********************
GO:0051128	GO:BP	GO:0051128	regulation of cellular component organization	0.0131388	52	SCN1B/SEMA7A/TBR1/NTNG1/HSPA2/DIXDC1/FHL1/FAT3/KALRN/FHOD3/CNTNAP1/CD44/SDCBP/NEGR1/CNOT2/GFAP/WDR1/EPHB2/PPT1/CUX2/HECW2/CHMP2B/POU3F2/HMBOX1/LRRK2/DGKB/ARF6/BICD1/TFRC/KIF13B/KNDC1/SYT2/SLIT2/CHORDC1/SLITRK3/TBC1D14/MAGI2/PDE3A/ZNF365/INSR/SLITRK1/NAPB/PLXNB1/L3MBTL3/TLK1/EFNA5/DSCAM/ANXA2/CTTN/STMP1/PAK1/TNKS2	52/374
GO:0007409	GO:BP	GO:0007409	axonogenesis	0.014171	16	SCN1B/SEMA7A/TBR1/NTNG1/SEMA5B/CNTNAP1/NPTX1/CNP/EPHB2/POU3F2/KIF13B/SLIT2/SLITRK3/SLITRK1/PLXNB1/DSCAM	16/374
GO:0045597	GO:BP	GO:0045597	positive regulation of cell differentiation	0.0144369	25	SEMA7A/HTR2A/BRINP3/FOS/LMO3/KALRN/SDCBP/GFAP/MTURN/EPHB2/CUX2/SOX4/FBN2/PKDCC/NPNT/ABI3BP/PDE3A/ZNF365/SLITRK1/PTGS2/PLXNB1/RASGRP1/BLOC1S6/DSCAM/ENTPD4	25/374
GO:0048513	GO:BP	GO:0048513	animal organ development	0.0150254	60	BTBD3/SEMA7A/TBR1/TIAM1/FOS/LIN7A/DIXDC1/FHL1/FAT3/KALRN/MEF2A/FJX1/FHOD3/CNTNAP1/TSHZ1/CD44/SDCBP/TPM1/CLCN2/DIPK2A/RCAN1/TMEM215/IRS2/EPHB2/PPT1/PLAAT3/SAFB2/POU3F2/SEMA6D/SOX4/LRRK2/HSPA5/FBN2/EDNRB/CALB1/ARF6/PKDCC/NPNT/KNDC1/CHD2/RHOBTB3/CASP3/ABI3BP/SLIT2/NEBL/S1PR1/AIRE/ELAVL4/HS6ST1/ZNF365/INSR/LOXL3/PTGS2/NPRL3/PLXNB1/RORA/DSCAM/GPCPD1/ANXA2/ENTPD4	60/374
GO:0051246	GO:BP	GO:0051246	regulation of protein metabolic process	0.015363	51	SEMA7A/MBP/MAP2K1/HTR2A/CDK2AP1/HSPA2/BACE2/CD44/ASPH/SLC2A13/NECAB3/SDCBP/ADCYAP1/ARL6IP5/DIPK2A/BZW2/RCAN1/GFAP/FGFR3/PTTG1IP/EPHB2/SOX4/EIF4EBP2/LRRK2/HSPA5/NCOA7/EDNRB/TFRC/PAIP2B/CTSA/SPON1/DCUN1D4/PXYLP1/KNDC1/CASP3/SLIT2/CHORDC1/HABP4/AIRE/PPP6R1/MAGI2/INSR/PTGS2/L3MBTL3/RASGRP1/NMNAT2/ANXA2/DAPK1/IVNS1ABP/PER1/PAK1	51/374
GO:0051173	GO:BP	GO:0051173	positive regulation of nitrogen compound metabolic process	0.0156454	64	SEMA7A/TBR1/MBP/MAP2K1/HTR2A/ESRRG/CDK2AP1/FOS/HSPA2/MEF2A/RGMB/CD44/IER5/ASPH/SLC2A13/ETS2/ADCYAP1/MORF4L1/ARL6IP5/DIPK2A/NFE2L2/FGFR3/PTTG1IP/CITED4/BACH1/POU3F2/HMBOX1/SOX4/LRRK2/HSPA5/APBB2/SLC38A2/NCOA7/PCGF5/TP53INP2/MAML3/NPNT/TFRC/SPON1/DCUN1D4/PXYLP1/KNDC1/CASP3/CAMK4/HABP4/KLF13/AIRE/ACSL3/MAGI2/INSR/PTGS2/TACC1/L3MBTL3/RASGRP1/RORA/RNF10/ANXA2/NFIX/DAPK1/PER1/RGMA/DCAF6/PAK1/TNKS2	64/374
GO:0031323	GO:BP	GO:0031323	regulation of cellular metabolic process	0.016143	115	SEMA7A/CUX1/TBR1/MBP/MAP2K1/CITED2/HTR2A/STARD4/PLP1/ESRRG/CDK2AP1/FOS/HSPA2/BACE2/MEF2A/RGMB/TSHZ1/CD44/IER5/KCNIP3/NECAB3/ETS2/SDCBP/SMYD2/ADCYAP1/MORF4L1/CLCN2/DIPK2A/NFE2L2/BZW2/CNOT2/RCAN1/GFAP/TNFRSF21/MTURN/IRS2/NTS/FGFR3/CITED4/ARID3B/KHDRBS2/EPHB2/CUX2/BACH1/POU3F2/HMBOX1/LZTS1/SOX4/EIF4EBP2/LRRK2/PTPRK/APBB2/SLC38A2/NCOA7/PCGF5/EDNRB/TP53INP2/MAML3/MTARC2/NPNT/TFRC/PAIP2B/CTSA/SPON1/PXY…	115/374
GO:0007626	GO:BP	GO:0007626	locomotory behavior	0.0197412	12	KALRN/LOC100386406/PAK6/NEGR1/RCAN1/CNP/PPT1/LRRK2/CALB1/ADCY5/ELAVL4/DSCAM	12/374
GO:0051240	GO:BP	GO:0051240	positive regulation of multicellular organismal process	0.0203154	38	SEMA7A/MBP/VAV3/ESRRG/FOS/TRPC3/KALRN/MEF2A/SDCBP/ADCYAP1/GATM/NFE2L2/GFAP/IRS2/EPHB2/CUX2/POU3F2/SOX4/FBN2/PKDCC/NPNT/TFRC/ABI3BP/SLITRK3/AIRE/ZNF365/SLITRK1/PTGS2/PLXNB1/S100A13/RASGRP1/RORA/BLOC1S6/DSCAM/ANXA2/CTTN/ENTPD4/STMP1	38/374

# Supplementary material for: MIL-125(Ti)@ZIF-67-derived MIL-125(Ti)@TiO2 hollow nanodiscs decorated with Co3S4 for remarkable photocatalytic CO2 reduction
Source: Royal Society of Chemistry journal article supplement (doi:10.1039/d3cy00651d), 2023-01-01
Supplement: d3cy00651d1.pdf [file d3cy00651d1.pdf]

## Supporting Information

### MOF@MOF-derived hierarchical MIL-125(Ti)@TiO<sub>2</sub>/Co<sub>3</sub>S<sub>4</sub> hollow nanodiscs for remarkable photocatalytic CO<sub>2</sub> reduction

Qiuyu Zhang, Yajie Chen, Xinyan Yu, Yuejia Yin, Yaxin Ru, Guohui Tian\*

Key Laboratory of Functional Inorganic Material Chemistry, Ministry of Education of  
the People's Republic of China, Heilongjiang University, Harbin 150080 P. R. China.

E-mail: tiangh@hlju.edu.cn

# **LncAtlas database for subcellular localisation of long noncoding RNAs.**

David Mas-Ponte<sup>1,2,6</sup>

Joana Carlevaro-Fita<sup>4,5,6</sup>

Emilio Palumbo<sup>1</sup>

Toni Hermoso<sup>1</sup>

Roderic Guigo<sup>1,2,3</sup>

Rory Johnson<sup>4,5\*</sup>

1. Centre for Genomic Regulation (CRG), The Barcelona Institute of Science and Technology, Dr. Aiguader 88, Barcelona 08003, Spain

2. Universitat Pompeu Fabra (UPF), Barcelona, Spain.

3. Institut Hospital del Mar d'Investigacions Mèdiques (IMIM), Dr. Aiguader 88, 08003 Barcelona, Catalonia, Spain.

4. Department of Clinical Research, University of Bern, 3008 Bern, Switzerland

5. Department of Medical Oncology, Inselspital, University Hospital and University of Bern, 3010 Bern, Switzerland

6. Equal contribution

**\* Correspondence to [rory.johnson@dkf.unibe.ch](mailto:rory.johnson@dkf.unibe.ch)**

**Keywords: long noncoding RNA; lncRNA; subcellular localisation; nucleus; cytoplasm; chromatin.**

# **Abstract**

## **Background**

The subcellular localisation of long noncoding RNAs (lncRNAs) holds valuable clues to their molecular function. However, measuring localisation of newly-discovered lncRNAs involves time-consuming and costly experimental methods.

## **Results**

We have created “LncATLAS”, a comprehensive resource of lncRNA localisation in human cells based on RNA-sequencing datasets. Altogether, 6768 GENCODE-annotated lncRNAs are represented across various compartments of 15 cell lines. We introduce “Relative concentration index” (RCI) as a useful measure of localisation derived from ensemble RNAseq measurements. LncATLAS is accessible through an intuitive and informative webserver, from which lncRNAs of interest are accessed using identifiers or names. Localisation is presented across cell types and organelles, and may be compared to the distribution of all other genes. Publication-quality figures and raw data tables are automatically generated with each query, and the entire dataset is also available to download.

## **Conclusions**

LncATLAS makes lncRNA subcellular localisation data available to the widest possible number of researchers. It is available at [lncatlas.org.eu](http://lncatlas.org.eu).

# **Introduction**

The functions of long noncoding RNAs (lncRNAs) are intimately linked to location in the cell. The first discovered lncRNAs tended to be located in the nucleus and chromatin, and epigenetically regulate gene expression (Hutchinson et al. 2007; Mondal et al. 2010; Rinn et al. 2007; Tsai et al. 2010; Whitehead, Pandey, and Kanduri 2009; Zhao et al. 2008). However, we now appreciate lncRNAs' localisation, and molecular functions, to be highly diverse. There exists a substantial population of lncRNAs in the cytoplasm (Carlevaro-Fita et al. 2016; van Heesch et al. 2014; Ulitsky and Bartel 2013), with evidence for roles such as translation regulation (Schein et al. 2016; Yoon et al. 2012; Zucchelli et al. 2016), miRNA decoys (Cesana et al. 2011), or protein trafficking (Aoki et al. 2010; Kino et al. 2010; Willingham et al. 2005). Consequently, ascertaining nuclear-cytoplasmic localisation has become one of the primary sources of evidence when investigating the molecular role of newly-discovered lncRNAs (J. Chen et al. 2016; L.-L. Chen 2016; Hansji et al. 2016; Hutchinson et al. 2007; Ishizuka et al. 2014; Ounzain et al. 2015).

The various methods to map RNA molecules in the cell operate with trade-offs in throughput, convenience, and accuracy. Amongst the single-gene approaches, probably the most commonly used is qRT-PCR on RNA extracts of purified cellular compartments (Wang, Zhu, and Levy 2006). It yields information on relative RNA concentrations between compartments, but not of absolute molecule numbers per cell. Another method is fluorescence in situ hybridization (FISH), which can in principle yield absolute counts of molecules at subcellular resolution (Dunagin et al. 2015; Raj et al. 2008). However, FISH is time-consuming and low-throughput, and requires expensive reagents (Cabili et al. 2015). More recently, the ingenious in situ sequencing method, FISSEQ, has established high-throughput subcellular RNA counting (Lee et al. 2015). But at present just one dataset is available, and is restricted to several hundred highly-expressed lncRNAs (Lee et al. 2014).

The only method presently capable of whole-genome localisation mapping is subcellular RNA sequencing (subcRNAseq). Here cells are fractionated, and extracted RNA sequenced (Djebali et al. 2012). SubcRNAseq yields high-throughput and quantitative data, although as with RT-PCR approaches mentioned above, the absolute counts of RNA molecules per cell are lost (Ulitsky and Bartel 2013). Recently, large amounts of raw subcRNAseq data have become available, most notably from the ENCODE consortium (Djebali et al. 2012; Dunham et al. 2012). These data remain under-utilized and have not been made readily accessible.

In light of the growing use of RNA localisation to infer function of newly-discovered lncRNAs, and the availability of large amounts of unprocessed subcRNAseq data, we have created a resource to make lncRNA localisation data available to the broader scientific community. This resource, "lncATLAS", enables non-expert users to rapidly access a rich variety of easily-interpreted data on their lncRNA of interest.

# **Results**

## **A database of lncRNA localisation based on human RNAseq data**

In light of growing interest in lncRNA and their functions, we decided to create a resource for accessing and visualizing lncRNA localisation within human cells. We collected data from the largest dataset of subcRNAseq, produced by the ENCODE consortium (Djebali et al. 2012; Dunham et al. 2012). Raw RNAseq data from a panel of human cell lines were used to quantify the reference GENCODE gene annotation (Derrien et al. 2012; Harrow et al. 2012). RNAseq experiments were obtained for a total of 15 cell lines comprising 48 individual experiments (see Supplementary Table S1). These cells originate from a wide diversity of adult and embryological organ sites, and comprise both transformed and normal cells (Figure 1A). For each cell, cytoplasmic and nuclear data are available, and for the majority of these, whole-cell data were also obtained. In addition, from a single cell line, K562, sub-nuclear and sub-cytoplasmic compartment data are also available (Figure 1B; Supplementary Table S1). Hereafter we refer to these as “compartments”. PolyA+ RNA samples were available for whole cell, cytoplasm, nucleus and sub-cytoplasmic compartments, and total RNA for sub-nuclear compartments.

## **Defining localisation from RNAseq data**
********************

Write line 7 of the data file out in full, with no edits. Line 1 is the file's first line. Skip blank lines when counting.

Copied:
GO:0031323	GO:BP	GO:0031323	regulation of cellular metabolic process	0.016143	115	SEMA7A/CUX1/TBR1/MBP/MAP2K1/CITED2/HTR2A/STARD4/PLP1/ESRRG/CDK2AP1/FOS/HSPA2/BACE2/MEF2A/RGMB/TSHZ1/CD44/IER5/KCNIP3/NECAB3/ETS2/SDCBP/SMYD2/ADCYAP1/MORF4L1/CLCN2/DIPK2A/NFE2L2/BZW2/CNOT2/RCAN1/GFAP/TNFRSF21/MTURN/IRS2/NTS/FGFR3/CITED4/ARID3B/KHDRBS2/EPHB2/CUX2/BACH1/POU3F2/HMBOX1/LZTS1/SOX4/EIF4EBP2/LRRK2/PTPRK/APBB2/SLC38A2/NCOA7/PCGF5/EDNRB/TP53INP2/MAML3/MTARC2/NPNT/TFRC/PAIP2B/CTSA/SPON1/PXY…	115/374